This mysterious illness has affected children who had the virus that causes COVID-19, even if the virus had previously gone undetected. The condition has been known to inflame different parts of the body, including the heart, lungs, kidneys, brain, skin, eyes or gastrointestinal organs, and to cause such symptoms as vomiting, diarrhea, neck pain and rash.
There have been only 250 cases reported by health departments in the United States and only one in the San Francisco Bay Area. Yet this new disease is confounding and alarming clinicians and researchers alike, because it was initially believed the virus didn't cause serious illness in children.
I spoke with Schroeder about MIS-C for my latest 1:2:1 podcast. This Q&A is condensed and edited from our conversation.
How rare is MIS-C?
A handful of children have been really, really sick with this. It is serious. Yet, I think it's worth putting that in context. Of the threats to children, in general, posed by gun violence, car accidents, suicide and mental health issues, it's not even comparable.
Kids remain really spared from this. It has made a lot of people nervous because prior to MIS-C, there was this notion that kids weren't affected by COVID-19, but is still an incredibly rare phenomenon.
It's been compared to another rare disease in children, Kawasaki disease. How are they similar and what separates them?
Kawasaki disease is an inflammatory syndrome that may be triggered by viruses; we really don't understand the exact cause. MIS-C is thought to be triggered by COVID-19 and has some similarities to Kawasaki disease, yet there are also a number of differences.
Kawasaki is classically an infant and toddler condition. Most kids affected are under 5 and tend not to be seriously sick. MISC-C has been mostly in older kids, around 8 years old; and on average seem to be more seriously ill, requiring intensive care unit and blood pressure support.
Adults who become seriously ill with COVID-19 are known to have co-morbidities -- other conditions that make them sicker from the virus. Is that also true for children with MIS-C?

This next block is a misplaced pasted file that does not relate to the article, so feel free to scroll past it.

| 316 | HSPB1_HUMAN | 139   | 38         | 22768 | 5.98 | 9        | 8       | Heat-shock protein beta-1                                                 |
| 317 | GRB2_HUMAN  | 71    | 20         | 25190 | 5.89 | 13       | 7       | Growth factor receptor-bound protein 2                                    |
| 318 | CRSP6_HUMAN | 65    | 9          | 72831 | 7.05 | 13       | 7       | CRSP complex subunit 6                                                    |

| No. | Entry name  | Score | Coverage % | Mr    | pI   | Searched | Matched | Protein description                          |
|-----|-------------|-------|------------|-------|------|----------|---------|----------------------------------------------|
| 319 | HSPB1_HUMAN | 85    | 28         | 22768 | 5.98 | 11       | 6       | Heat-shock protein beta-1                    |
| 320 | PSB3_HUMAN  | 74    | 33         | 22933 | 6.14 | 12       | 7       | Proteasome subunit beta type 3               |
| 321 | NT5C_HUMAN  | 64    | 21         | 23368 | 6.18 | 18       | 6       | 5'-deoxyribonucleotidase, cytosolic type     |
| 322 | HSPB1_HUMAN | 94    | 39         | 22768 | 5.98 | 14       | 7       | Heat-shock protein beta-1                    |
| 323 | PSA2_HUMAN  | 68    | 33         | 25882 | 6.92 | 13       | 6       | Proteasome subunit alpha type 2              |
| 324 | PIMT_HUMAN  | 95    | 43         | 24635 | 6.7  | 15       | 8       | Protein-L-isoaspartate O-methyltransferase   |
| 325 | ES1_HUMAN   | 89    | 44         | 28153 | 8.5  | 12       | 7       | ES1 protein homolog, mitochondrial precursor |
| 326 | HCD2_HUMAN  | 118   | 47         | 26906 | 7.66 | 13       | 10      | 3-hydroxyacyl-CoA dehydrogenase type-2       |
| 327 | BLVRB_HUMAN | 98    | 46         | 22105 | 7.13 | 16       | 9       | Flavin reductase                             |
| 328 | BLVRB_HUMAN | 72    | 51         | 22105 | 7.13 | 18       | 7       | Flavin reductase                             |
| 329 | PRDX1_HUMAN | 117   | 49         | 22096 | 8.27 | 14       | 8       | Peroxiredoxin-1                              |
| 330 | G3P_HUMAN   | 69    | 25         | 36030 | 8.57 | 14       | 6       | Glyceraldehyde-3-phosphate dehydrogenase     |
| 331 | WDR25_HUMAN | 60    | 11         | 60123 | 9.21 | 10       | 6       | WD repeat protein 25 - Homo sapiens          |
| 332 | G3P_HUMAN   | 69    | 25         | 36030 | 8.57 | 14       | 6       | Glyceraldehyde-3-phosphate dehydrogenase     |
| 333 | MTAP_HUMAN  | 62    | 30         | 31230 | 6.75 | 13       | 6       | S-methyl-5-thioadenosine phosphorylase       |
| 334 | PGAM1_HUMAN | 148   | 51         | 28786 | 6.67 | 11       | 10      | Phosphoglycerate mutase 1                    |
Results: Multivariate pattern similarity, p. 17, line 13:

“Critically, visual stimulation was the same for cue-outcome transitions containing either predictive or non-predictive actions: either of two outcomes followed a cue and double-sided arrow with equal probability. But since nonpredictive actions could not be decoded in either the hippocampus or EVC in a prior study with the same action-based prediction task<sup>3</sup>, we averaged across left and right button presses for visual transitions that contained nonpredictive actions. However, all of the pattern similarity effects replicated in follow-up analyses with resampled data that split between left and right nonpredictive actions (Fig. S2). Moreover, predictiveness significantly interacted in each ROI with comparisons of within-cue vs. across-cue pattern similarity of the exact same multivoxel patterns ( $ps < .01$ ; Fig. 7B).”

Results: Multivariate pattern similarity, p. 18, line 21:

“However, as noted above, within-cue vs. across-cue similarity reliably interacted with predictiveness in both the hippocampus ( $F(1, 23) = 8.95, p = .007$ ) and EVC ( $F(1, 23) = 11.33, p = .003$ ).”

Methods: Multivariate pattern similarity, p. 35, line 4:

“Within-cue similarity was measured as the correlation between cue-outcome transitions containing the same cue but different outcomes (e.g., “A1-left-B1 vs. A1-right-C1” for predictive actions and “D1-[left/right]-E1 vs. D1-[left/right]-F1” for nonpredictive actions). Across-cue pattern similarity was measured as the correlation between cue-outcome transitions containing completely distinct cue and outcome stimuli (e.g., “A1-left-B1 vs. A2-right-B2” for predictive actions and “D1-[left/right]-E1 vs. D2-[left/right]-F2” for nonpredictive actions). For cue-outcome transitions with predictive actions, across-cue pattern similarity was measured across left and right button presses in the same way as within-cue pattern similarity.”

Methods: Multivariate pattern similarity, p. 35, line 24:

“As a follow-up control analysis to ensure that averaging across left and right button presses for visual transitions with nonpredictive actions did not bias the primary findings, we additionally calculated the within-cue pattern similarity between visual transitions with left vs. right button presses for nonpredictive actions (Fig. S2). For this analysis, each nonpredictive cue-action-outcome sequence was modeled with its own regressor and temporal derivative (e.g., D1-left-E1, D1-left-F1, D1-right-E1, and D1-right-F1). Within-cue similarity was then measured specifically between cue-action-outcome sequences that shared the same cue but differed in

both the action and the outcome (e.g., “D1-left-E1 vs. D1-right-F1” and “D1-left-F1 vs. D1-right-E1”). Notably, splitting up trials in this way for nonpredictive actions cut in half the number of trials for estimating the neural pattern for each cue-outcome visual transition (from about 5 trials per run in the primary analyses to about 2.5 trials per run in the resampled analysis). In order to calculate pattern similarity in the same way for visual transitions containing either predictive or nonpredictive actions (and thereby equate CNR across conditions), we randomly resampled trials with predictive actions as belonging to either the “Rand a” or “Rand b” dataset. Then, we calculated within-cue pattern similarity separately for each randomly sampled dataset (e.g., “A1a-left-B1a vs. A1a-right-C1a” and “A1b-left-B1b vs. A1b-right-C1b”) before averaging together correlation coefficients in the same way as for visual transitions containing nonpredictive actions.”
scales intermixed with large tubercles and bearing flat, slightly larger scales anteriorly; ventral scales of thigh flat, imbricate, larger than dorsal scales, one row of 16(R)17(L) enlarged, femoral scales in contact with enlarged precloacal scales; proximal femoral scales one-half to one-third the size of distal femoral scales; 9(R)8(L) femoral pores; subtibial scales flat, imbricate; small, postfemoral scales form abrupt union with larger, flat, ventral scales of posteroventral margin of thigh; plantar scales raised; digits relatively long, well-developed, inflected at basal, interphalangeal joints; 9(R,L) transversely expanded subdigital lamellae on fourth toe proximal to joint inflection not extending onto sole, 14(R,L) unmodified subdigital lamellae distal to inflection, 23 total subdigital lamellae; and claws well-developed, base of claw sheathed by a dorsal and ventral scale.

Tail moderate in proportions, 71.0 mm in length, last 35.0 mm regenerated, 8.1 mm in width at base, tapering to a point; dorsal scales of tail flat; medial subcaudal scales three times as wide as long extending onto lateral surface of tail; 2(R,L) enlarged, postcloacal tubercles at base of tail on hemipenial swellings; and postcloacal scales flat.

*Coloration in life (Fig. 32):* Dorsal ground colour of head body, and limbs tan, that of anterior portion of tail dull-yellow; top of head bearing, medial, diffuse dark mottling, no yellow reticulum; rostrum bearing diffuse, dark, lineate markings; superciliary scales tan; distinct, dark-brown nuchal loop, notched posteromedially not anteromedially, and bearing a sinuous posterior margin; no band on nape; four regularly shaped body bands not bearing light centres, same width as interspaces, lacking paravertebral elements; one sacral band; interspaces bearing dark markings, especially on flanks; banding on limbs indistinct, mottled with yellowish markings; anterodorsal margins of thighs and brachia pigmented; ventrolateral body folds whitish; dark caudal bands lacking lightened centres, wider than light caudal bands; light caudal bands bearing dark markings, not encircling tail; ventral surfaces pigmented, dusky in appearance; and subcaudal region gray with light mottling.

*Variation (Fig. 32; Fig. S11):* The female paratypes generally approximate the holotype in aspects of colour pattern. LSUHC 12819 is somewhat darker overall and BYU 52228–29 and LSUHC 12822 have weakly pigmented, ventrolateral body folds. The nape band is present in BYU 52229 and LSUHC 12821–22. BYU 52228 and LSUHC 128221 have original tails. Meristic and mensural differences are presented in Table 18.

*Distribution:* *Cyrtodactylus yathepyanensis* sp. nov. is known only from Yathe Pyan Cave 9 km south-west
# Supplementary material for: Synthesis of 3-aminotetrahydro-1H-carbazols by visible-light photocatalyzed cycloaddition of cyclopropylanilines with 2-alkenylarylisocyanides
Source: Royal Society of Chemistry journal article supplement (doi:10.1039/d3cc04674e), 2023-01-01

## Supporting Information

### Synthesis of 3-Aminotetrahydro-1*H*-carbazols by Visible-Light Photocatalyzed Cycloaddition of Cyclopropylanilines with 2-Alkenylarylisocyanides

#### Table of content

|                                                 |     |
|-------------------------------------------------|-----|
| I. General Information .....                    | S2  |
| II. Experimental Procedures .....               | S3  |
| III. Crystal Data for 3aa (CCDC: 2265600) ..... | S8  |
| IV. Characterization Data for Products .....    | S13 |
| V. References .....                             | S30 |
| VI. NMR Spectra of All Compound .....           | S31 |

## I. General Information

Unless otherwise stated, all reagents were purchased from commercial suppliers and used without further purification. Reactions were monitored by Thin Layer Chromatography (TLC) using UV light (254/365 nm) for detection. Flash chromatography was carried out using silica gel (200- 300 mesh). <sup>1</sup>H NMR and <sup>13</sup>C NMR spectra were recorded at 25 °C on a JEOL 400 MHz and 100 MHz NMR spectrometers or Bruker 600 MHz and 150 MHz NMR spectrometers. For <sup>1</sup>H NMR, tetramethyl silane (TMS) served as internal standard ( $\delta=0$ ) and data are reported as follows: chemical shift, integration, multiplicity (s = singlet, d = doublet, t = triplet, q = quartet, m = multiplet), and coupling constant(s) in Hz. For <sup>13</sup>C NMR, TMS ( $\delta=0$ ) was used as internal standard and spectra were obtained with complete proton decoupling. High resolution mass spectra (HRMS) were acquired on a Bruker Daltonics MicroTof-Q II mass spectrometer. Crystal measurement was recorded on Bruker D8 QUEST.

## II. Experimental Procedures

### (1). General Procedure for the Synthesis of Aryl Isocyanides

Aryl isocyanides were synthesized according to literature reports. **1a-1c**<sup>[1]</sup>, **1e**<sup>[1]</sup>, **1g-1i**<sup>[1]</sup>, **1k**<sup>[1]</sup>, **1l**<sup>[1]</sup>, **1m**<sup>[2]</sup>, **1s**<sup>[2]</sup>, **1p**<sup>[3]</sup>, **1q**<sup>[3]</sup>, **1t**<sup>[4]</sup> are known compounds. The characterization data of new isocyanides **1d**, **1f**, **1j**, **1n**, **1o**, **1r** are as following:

Comorbidities have not been particularly common in children with this illness the way they have been in adults sick with COVID-19, where older age and chronic conditions, such as diabetes and hypertension have been associated with more serious illness. So far, maybe it's a little bit more common in children who are overweight. It's an important question and something that researchers are trying to understand right now.
I hear you saying no one should panic.
That's right. I worry that MIS-C is still so vague there is the risk of diagnosing the condition in kids who have run-of-the-mill viral infections, or possibly neglecting other illnesses that are treatable.
As someone who does a lot of research on over-testing, over-treatment and over-diagnosis, I am concerned that MIS-C might produce referrals for kids that have fairly mundane fever and rash conditions.
That, in turn, could lead to treatments that are potentially harmful and could consume much-needed resources. For example, intravenous immunoglobulin is often used to treat MIS-C, but there are concerns currently about a national shortage.
We need to make sure, as we move forward, to be really careful about making the correct diagnosis, treating kids who need to be treated but not treating those who don't.
Do you worry about the impact that COVID-19 is having on vaccinations for kids?
Routine vaccinations are down substantially. It's not a result of the anti-vaxxer movement; people are just afraid to go to the doctor and get routine well-child checks because of COVID-19. The last thing we need is an outbreak of pertussis (whooping cough), the measles or Haemophilus influenzae.
If you're really concerned about safety, call your doctor. A lot of clinics are separating urgent care from well-child visits. We need to make sure kids are getting vaccinated. That would go a long way in protecting the health of children.
Listen to more 1:2:1 podcasts on COVID-19 from Paul Costello at https://soundcloud.com/stanfordmed/sets/covid-19
Image by Julia